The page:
"He Wears Black and Has a Beard"

Business Cards

Toby Roworth

Jun 25, 2013


Since buying large amounts of movable type I've been holding off getting business cards printed, as I planned to letterpress them. However, a couple of weekends back, when I had three gigs in one weekend, I got asked for cards enough times that I thought it prudent to whip some up. And by "whip some up" I, of course, mean painstakingly get them just right, make a small change before sending them off in a rush an, almost certainly, missing a massive kerning error.

The Design

The design is fairly simple, with the quote on one side and my details on the other.

I tried lots of approaches with the back, including variants with my roundel on, but in the end the quote on its own seemed best, with a bit of yellow to lift it. The typeface is Cala, as usual, as it's elegant, subtle and pretty - everything I'm not!

The front is fairly standard fare, featuring a bit of smallcaps and old-style figures because I like them. And Ubuntu makes its usual appearance on high-level text.
Interestingly the roundel seems to make people want to draw in the rest of the face, based on what nearly all my colleagues tried today - when WBHB becomes big enough to run competitions best portrait graffiti might be a keen contender!

Moo Review

Thanks to cunning marketing I gave moo.com the oportunity to print my business cards - their free sample service didn't do proper two-sided cards, which means this is an honest review of a service I actually paid money for.

Ordering Service

Information about size, file format and proof colours was readily available, although the InDesign template was pretty rubbish - apparently the bleed function is better replaced by a low-res picture of a border. This wasn't ideal, but as I wasn't letting them do the design for me it wasn't too concerning.
Once designed, uploading suitable PDFs was easy, with in-browser (basic) proofing tools available. This included a preview of the bleed extents, but the bleed was all coloured in purple, which was very unclear what it was showing, and seemed to obscure anything in the bleed area. Payment etc was easy and quick - in short the ordering process was very good, if not perfect for a control-feak designer.

Delivery

Once ordered the cards turned up quickly in a nice box. This contained the cards themselves, dividers (to separate your cards from the swapsies) and a card with the order information on, along with a word game (companies have to be fun now, it would seem - maybe I'll do a whole post on why that somewhat annoys me sometime). The box had a pink sleeve round it with what was essentially advertising on. which was, thankfully, easy to remove, leaving a very professional-looking box.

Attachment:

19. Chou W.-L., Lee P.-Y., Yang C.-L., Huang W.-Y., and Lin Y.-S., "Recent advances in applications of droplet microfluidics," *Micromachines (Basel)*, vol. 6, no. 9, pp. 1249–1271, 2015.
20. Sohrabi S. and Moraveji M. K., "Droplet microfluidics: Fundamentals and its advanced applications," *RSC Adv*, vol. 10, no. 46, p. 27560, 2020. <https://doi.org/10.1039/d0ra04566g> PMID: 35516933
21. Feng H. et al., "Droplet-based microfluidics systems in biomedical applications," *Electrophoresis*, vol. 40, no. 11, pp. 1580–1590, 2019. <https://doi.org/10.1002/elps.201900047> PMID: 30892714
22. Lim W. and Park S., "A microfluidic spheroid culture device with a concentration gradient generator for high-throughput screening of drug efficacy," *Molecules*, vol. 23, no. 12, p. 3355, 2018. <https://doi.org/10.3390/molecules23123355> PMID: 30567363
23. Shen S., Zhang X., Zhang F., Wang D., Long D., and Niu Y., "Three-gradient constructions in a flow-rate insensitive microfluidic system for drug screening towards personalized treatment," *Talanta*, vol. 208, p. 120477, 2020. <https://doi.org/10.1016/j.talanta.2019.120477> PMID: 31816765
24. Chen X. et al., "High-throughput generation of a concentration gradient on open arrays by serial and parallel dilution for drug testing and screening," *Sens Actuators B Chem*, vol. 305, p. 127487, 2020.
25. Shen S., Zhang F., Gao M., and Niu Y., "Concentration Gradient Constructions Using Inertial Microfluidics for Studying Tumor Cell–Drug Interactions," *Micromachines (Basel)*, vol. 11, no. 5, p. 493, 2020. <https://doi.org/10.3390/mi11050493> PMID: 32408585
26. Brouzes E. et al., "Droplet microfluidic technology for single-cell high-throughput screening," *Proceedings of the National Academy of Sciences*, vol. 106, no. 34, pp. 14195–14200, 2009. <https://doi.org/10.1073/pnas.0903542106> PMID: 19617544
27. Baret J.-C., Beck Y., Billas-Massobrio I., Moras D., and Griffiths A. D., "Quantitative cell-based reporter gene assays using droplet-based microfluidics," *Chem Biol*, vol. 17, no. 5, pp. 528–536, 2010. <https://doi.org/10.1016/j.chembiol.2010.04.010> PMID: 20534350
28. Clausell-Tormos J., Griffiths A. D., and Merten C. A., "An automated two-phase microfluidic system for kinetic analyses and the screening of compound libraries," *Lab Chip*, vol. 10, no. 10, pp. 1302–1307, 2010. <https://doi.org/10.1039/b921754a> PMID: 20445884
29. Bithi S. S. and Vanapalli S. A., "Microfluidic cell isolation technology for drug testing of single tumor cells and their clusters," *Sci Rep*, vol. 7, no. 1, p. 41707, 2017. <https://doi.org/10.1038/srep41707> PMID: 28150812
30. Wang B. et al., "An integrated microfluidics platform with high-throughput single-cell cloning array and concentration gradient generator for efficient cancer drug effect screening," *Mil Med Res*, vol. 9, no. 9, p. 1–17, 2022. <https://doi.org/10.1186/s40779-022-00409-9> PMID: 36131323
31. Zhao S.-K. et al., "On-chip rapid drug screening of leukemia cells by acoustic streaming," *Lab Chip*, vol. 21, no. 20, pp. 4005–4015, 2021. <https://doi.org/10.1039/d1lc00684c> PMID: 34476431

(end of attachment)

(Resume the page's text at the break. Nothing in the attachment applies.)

Print Quality

Of course the best service design in the world means nothing if the cards turn out to be printed on old napkins with a 72 DPI potato print.
As an aside, my collegue also recently got business cards printed - with a name like Bright Potato, if there was ever an excuse for potato-printing business cards that was it.
The key thing I wanted was a proper black background - the type a home inkjet can't give you. The black quality was excellent, although it picks up greasy fingerprints easily. Before writing this post I did some washing up, and now the card I've been handling isn't really suitable to be given to anyone. This kind of deep black is what professional printing does best, and moo delivered.
The yellow stripes also came out quite well, both against the black and white sides.
However, the greys are a very different story. Once within about six inches the dithering shows up quite clearly on the rear side. On the front side, where the text is smaller, this starts to impact the quality of the text edges, to the point where I'd use words like disapointed. For reference they're CMYK renderings of Pantone Cool Greys 6 and 9, so these might be worth avoiding. I've noticed other companies struggling to reproduce greys adequetley too. I expect this is just a fact of digital printing though - see below for further thoughts!
Detail on some of the serifs was a bit tricky too. They sugested a minimum of 8pt fonts, so I was right down at the limit. hwne looking closely I realised that some serifs are missing entirely. At first I put this down to the dithering, but then I went back to my original artwork and got out the measuring tool. At 8pt the serifs are only 0.1mm wide, which is just under 4 thou[sants of an inch] . At 300DPI, this is only slightly over the size of a single dot (0.00333... thou), so it stands to reason that it might not print too well. This is a lesson worth learning - screens may be significantly lower resolution than their printed-media brothers, but 300DPI still leaves room for quantisation errors. Unfortunately this is quite hard to proof in the digital domain, without access to their printer driver.

The Future

The next iteration, hopefully due in October, will probably have a similar layout, but the main text will be letterpressed by me. Hopefully people will notice how much nicer they are, and give me lots of money/work/enjoyment/all-of-the-above as a result.
It would also be nice to get them offset printed, with proper spot colours. This will probably prove prohibitively expensive given how short my print-run would be, but one can dream!
What I'll probably end up doing it getting blanks printed, with the graphics on, and then letterpress over the top. Eventually I'd like to cast my rounded as a font (or maybe plate), but that's quite involved, and requires me to settle on a size to use it at every time I print it. It's times like this where I remember by digital typography is so nice.
I've also considered engraving a plate for the graphics (like the yellow lines) and pressing the type as a two-step process.
If anyone really wants a genuine Toby Roworth business card of their own, give me a shout. but if it were me, I'd wait for the MKIIs...